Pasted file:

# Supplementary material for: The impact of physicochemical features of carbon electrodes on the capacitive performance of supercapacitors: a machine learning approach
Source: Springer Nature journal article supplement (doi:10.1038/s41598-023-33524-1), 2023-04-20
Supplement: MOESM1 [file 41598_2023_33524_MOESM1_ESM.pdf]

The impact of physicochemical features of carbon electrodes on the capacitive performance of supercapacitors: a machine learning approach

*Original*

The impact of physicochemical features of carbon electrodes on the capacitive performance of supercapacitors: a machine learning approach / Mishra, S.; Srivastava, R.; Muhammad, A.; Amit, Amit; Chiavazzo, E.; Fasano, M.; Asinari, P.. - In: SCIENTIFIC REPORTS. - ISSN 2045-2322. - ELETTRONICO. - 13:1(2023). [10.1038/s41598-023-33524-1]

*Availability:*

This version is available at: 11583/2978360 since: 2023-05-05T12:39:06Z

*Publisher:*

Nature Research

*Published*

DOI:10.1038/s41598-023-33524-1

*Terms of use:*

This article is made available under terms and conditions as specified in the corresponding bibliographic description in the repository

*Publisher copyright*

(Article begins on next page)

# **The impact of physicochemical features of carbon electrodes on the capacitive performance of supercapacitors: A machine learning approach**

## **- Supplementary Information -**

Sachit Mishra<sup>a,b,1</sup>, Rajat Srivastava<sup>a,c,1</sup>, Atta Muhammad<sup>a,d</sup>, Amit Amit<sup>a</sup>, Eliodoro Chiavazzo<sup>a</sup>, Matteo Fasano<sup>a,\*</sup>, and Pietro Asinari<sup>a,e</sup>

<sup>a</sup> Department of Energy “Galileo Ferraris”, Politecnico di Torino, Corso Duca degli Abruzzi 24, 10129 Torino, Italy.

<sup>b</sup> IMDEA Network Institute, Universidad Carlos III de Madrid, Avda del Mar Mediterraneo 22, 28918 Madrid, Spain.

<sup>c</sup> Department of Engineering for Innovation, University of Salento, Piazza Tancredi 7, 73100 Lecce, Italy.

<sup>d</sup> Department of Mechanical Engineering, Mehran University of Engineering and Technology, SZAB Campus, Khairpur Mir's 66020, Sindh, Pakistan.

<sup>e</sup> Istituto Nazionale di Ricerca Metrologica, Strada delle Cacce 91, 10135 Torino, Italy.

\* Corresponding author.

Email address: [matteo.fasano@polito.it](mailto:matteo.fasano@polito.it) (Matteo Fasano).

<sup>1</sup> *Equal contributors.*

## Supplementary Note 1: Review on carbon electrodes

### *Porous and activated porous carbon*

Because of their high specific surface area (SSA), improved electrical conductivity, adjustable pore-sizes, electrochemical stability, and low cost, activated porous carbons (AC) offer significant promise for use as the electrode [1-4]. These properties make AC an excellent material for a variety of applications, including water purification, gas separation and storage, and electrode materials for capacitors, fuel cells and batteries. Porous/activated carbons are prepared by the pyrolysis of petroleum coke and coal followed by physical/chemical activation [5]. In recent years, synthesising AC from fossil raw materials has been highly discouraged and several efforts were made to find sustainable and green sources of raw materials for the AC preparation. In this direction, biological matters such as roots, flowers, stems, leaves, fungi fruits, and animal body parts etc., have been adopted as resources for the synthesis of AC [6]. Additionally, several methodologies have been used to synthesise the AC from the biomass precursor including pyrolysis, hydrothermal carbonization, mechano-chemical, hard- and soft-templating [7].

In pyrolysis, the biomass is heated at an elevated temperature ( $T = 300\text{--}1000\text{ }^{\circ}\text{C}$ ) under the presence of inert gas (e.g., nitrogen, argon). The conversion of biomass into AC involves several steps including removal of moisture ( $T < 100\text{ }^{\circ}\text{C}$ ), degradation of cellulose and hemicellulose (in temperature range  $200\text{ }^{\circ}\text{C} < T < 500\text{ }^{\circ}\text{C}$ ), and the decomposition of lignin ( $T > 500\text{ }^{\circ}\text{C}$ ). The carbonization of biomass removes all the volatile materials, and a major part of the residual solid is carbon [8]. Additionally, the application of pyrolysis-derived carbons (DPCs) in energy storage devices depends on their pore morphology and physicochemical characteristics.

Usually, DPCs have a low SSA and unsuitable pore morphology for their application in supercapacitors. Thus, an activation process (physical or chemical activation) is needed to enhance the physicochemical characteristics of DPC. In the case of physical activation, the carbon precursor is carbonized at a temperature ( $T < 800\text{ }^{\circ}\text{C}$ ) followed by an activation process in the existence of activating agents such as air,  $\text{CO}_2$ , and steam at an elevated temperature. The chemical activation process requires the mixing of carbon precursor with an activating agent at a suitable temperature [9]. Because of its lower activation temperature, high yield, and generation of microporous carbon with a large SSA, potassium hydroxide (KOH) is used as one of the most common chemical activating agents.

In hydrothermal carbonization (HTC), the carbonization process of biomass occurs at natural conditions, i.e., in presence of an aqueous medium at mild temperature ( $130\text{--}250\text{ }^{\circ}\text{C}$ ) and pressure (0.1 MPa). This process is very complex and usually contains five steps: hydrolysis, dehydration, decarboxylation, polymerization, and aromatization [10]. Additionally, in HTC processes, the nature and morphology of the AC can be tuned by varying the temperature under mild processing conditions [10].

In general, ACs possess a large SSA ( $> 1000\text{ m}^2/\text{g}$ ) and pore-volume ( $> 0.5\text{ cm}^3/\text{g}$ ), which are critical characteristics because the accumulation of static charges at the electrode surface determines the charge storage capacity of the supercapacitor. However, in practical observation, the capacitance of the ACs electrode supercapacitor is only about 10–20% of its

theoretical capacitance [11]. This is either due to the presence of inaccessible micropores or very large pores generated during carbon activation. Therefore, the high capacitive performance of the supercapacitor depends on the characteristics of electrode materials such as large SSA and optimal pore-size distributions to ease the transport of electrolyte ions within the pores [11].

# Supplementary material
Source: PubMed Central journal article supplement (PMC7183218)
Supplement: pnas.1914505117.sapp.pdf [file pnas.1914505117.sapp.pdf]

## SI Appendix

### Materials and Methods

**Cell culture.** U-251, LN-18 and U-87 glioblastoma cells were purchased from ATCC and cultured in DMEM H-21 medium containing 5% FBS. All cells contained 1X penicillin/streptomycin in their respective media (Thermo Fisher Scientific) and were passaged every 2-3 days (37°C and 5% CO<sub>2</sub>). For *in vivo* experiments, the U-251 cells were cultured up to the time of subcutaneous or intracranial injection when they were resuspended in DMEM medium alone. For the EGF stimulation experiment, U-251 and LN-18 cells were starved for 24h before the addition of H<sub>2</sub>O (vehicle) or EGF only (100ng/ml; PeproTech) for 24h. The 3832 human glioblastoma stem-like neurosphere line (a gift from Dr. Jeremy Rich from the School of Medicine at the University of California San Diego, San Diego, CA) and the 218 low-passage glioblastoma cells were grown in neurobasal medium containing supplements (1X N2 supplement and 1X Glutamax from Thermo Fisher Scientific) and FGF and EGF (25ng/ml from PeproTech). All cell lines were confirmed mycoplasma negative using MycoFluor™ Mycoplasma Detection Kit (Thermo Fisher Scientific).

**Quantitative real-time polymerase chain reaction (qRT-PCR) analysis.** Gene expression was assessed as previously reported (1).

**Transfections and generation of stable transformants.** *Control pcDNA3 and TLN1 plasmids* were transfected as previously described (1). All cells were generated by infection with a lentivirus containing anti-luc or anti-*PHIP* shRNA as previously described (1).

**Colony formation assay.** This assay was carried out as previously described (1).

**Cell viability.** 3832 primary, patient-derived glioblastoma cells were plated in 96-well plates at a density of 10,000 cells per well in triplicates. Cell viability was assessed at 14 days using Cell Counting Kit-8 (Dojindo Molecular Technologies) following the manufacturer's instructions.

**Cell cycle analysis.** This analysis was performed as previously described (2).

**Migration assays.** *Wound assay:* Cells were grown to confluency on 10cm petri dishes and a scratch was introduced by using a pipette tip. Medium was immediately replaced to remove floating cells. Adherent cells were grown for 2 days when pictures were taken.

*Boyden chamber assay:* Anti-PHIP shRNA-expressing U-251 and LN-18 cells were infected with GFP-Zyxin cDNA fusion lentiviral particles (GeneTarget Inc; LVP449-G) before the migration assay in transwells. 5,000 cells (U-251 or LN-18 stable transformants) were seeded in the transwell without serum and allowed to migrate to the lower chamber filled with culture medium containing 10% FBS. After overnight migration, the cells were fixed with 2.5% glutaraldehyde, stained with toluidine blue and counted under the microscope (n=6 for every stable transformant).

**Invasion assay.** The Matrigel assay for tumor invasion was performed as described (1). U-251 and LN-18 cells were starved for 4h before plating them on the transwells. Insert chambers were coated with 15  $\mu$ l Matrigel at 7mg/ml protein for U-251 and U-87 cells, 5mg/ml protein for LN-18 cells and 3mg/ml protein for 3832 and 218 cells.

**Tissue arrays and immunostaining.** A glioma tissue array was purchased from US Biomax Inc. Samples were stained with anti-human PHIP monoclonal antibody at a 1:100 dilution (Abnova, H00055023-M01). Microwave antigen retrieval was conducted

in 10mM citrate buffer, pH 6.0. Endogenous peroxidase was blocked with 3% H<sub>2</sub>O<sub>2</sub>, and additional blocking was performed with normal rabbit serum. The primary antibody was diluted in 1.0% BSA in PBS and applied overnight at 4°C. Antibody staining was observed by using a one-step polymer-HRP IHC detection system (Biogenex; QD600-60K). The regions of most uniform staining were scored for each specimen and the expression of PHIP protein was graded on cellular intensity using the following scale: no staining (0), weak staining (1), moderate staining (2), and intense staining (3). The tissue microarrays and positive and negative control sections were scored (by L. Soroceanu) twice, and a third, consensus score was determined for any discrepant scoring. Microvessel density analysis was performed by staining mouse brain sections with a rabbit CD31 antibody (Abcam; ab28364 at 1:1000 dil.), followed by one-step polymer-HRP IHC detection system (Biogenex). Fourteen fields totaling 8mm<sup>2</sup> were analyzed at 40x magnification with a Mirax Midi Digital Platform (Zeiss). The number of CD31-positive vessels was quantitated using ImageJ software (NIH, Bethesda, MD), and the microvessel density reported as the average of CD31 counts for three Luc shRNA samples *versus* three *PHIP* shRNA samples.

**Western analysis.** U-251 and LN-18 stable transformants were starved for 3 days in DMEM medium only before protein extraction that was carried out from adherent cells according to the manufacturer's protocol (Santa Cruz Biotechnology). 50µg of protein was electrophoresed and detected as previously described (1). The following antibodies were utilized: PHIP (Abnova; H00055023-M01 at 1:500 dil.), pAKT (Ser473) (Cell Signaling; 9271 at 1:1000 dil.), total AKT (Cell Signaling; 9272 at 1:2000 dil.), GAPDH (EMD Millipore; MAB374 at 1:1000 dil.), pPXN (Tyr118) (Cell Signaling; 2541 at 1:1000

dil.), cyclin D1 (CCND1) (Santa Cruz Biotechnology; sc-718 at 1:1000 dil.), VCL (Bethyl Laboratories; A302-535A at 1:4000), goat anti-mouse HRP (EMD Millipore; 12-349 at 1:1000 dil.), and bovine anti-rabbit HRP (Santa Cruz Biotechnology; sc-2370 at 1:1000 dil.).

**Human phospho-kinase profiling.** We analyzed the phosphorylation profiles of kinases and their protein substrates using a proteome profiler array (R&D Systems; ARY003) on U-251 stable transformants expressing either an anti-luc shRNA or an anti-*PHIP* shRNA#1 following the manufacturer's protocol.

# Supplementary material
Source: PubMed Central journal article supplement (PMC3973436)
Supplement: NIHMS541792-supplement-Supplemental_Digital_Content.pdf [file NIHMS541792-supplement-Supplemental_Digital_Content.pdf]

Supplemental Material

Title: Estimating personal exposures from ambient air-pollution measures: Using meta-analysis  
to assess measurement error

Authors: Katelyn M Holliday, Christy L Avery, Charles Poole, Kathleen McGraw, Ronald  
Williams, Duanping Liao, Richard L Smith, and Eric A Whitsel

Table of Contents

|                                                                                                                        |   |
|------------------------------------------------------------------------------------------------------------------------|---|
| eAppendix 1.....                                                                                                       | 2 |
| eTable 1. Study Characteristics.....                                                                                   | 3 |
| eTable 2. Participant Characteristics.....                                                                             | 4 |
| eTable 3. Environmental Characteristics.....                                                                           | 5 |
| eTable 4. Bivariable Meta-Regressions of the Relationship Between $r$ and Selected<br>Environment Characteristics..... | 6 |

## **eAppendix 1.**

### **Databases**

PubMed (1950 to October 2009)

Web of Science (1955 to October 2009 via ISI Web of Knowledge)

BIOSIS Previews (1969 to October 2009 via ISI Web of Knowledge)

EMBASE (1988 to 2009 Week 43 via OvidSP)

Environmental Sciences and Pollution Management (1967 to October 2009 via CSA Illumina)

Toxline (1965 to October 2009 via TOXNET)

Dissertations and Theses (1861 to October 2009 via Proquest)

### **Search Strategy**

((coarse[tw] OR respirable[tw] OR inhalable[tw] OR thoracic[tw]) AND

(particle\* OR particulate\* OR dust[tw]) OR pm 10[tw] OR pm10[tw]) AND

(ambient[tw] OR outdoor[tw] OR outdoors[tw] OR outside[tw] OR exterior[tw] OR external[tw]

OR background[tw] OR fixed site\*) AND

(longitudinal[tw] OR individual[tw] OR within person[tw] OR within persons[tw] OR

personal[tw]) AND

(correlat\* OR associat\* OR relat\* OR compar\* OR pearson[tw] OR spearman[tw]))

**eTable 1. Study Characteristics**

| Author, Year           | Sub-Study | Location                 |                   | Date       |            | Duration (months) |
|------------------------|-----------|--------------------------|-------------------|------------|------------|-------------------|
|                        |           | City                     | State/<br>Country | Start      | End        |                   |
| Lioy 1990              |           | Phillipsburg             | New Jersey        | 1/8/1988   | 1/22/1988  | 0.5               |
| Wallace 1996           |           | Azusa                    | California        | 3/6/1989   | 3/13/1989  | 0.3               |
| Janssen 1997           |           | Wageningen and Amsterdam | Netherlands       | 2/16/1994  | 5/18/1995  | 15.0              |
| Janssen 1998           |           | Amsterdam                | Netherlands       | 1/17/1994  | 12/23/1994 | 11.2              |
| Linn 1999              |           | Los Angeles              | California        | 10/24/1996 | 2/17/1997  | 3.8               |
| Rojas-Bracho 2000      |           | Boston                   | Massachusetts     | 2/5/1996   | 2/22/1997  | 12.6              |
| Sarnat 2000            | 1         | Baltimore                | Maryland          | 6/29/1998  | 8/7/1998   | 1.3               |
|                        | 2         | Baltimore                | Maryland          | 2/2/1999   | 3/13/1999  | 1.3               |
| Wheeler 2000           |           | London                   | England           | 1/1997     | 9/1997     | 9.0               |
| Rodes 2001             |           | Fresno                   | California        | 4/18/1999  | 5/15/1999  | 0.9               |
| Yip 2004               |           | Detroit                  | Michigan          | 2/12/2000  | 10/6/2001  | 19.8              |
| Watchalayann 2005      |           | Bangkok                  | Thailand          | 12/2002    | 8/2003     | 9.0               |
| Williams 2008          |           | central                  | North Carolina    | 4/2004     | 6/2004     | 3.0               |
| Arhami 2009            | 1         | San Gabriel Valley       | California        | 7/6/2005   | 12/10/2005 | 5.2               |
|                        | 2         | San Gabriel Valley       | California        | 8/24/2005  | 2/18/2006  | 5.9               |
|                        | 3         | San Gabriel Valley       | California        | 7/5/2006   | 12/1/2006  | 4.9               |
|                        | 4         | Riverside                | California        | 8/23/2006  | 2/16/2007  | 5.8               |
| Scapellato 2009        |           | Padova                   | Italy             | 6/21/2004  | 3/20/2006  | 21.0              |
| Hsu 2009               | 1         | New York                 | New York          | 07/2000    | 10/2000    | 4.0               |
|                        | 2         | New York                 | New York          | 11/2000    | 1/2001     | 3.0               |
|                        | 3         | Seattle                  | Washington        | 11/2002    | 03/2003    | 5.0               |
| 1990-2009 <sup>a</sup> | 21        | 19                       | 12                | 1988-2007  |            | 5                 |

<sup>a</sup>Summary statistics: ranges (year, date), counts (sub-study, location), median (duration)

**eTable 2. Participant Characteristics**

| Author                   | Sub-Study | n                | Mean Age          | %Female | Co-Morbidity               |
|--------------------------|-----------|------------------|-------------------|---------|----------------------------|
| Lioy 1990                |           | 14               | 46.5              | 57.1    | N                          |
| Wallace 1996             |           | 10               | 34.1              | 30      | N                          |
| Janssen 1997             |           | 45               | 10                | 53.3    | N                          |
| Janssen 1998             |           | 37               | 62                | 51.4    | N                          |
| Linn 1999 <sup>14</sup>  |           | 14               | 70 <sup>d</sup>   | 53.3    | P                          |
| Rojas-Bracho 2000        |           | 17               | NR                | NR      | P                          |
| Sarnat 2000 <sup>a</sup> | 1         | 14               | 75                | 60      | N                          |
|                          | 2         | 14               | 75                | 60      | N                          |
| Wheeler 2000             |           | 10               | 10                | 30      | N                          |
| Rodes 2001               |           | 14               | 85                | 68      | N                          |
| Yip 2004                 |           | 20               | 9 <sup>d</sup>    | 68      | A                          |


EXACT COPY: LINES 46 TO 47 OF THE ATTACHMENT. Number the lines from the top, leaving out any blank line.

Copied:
**Cell cycle analysis.** This analysis was performed as previously described (2).

**Migration assays.** *Wound assay:* Cells were grown to confluency on 10cm petri dishes and a scratch was introduced by using a pipette tip. Medium was immediately replaced to remove floating cells. Adherent cells were grown for 2 days when pictures were taken.